As all of my undergrads and junior colleagues know, San Diego’s Comic-Con is the world’s largest and most-awaited extravaganza of popular culture, running now for 47 years and attracting 150,000 attendees from all over the world. This is geekdom galore—a global gathering of fans of comic books, superheroes, fantasy, toys, animation, TV, and basically anything that levitates, teleports, or transmutates.

If you’re my age (63) and can’t relate to anything I’ve said, I can’t blame you. The average age of the Comic-Con attendee is 25; until recently, about 60 percent were male, but that’s been changing with the emergence of strong female superheroes such as Wonder Woman and Supergirl and intriguing characters like Stranger Things Eleven.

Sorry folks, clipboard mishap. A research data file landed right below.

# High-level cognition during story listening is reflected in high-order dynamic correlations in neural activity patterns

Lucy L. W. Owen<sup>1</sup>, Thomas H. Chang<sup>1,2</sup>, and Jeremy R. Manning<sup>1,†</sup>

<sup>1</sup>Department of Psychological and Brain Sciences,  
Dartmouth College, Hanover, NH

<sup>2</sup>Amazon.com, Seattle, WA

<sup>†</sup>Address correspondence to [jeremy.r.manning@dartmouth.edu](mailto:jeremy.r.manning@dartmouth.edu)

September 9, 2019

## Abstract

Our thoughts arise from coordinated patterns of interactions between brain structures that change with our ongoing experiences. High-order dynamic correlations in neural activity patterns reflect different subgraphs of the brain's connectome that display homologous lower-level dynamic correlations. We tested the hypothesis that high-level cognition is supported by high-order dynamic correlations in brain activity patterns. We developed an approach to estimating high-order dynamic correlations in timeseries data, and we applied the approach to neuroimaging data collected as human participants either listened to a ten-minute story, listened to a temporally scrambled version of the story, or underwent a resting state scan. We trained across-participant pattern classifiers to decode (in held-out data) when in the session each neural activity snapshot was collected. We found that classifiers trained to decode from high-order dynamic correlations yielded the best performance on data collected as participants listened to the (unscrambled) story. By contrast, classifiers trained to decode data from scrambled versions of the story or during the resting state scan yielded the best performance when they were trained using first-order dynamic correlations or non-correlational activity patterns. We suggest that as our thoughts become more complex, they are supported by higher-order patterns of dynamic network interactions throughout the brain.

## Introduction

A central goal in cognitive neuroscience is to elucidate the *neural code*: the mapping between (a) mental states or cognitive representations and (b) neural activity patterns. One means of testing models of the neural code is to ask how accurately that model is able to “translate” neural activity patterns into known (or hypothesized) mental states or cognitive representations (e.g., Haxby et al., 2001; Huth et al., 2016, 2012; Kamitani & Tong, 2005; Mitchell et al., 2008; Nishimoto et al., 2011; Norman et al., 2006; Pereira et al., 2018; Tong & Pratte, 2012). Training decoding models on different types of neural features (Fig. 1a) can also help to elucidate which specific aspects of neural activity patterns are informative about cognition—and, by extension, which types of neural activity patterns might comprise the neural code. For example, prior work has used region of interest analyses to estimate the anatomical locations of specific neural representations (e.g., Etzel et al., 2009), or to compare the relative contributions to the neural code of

IMG_2684.jpg

But while seniors (yes, we got a discount on the tickets) may seem out of place at Comic-Con, the fact is, we were the original comic-book fans who grew up not just on DC and Marvel at a time when Adam West still played Batman on TV and George Reeves, not Christopher Reeve, played Superman; we were also followers of Lastikman, Palos, Gagamba, Darna, and other Pinoy heroes in the local komiks. For older folks like me, Comic-Con is rejuvenation, if not resurrection.